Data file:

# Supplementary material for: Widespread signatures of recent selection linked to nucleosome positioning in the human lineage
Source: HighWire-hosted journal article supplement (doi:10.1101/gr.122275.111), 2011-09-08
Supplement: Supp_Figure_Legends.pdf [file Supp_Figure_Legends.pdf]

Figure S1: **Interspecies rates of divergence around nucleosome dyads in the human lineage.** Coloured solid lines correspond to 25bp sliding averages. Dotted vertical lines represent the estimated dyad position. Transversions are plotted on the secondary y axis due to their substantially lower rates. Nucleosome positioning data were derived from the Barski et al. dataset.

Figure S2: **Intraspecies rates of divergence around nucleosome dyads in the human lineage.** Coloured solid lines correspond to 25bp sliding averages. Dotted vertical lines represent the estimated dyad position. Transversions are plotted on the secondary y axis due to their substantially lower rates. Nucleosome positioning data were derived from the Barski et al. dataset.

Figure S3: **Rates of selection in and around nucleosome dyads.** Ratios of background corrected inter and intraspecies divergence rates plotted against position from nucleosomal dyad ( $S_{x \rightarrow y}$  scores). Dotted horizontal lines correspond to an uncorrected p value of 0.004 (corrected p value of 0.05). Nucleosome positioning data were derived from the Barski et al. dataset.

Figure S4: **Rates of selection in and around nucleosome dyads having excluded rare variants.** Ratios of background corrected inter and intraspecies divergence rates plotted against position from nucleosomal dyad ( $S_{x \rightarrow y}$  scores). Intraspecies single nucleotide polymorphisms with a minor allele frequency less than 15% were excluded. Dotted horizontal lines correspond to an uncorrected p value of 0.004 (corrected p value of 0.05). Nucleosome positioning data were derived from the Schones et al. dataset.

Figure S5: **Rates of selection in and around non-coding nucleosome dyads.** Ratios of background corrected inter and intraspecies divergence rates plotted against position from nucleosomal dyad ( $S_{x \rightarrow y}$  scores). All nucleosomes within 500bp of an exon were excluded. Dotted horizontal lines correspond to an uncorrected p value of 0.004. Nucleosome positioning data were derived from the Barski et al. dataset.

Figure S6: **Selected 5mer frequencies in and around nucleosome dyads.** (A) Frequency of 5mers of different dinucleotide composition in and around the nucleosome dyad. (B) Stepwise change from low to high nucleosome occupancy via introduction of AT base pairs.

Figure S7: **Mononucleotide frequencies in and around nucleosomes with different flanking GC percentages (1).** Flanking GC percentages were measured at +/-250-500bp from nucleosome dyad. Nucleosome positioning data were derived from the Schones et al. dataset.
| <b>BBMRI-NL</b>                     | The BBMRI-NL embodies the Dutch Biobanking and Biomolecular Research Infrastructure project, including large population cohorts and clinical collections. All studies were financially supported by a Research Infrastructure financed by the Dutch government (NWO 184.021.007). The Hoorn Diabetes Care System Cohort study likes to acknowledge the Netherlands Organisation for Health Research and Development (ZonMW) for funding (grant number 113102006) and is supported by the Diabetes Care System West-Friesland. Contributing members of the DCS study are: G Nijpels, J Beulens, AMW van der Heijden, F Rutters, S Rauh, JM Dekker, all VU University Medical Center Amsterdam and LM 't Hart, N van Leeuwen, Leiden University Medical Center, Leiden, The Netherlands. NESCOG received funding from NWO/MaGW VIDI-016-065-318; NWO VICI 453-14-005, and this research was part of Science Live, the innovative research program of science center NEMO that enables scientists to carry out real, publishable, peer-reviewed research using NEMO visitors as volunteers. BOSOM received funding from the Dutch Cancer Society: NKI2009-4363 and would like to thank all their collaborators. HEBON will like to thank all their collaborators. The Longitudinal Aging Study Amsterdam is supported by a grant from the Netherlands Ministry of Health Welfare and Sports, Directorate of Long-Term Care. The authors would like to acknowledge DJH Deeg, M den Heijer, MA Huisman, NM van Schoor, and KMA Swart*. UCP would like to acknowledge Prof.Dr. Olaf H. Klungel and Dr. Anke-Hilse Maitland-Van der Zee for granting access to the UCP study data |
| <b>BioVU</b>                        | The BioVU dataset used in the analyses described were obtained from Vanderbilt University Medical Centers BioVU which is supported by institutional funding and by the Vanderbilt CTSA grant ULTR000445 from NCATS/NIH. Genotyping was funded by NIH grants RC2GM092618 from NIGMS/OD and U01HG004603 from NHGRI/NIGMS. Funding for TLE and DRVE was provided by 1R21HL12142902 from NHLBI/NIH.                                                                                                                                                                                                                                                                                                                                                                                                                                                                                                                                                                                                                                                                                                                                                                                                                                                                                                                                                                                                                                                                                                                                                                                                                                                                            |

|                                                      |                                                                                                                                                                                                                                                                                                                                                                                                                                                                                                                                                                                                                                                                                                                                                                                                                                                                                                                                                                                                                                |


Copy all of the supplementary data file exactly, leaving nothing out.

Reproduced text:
# Supplementary material for: Widespread signatures of recent selection linked to nucleosome positioning in the human lineage
Source: HighWire-hosted journal article supplement (doi:10.1101/gr.122275.111), 2011-09-08
Supplement: Supp_Figure_Legends.pdf [file Supp_Figure_Legends.pdf]

Figure S1: **Interspecies rates of divergence around nucleosome dyads in the human lineage.** Coloured solid lines correspond to 25bp sliding averages. Dotted vertical lines represent the estimated dyad position. Transversions are plotted on the secondary y axis due to their substantially lower rates. Nucleosome positioning data were derived from the Barski et al. dataset.

Figure S2: **Intraspecies rates of divergence around nucleosome dyads in the human lineage.** Coloured solid lines correspond to 25bp sliding averages. Dotted vertical lines represent the estimated dyad position. Transversions are plotted on the secondary y axis due to their substantially lower rates. Nucleosome positioning data were derived from the Barski et al. dataset.

Figure S3: **Rates of selection in and around nucleosome dyads.** Ratios of background corrected inter and intraspecies divergence rates plotted against position from nucleosomal dyad ( $S_{x \rightarrow y}$  scores). Dotted horizontal lines correspond to an uncorrected p value of 0.004 (corrected p value of 0.05). Nucleosome positioning data were derived from the Barski et al. dataset.

Figure S4: **Rates of selection in and around nucleosome dyads having excluded rare variants.** Ratios of background corrected inter and intraspecies divergence rates plotted against position from nucleosomal dyad ( $S_{x \rightarrow y}$  scores). Intraspecies single nucleotide polymorphisms with a minor allele frequency less than 15% were excluded. Dotted horizontal lines correspond to an uncorrected p value of 0.004 (corrected p value of 0.05). Nucleosome positioning data were derived from the Schones et al. dataset.

Figure S5: **Rates of selection in and around non-coding nucleosome dyads.** Ratios of background corrected inter and intraspecies divergence rates plotted against position from nucleosomal dyad ( $S_{x \rightarrow y}$  scores). All nucleosomes within 500bp of an exon were excluded. Dotted horizontal lines correspond to an uncorrected p value of 0.004. Nucleosome positioning data were derived from the Barski et al. dataset.

Figure S6: **Selected 5mer frequencies in and around nucleosome dyads.** (A) Frequency of 5mers of different dinucleotide composition in and around the nucleosome dyad. (B) Stepwise change from low to high nucleosome occupancy via introduction of AT base pairs.

Figure S7: **Mononucleotide frequencies in and around nucleosomes with different flanking GC percentages (1).** Flanking GC percentages were measured at +/-250-500bp from nucleosome dyad. Nucleosome positioning data were derived from the Schones et al. dataset.
| <b>BBMRI-NL</b>                     | The BBMRI-NL embodies the Dutch Biobanking and Biomolecular Research Infrastructure project, including large population cohorts and clinical collections. All studies were financially supported by a Research Infrastructure financed by the Dutch government (NWO 184.021.007). The Hoorn Diabetes Care System Cohort study likes to acknowledge the Netherlands Organisation for Health Research and Development (ZonMW) for funding (grant number 113102006) and is supported by the Diabetes Care System West-Friesland. Contributing members of the DCS study are: G Nijpels, J Beulens, AMW van der Heijden, F Rutters, S Rauh, JM Dekker, all VU University Medical Center Amsterdam and LM 't Hart, N van Leeuwen, Leiden University Medical Center, Leiden, The Netherlands. NESCOG received funding from NWO/MaGW VIDI-016-065-318; NWO VICI 453-14-005, and this research was part of Science Live, the innovative research program of science center NEMO that enables scientists to carry out real, publishable, peer-reviewed research using NEMO visitors as volunteers. BOSOM received funding from the Dutch Cancer Society: NKI2009-4363 and would like to thank all their collaborators. HEBON will like to thank all their collaborators. The Longitudinal Aging Study Amsterdam is supported by a grant from the Netherlands Ministry of Health Welfare and Sports, Directorate of Long-Term Care. The authors would like to acknowledge DJH Deeg, M den Heijer, MA Huisman, NM van Schoor, and KMA Swart*. UCP would like to acknowledge Prof.Dr. Olaf H. Klungel and Dr. Anke-Hilse Maitland-Van der Zee for granting access to the UCP study data |
| <b>BioVU</b>                        | The BioVU dataset used in the analyses described were obtained from Vanderbilt University Medical Centers BioVU which is supported by institutional funding and by the Vanderbilt CTSA grant ULTR000445 from NCATS/NIH. Genotyping was funded by NIH grants RC2GM092618 from NIGMS/OD and U01HG004603 from NHGRI/NIGMS. Funding for TLE and DRVE was provided by 1R21HL12142902 from NHLBI/NIH.                                                                                                                                                                                                                                                                                                                                                                                                                                                                                                                                                                                                                                                                                                                                                                                                                                                                                                                                                                                                                                                                                                                                                                                                                                                                            |

|                                                      |                                                                                                                                                                                                                                                                                                                                                                                                                                                                                                                                                                                                                                                                                                                                                                                                                                                                                                                                                                                                                                |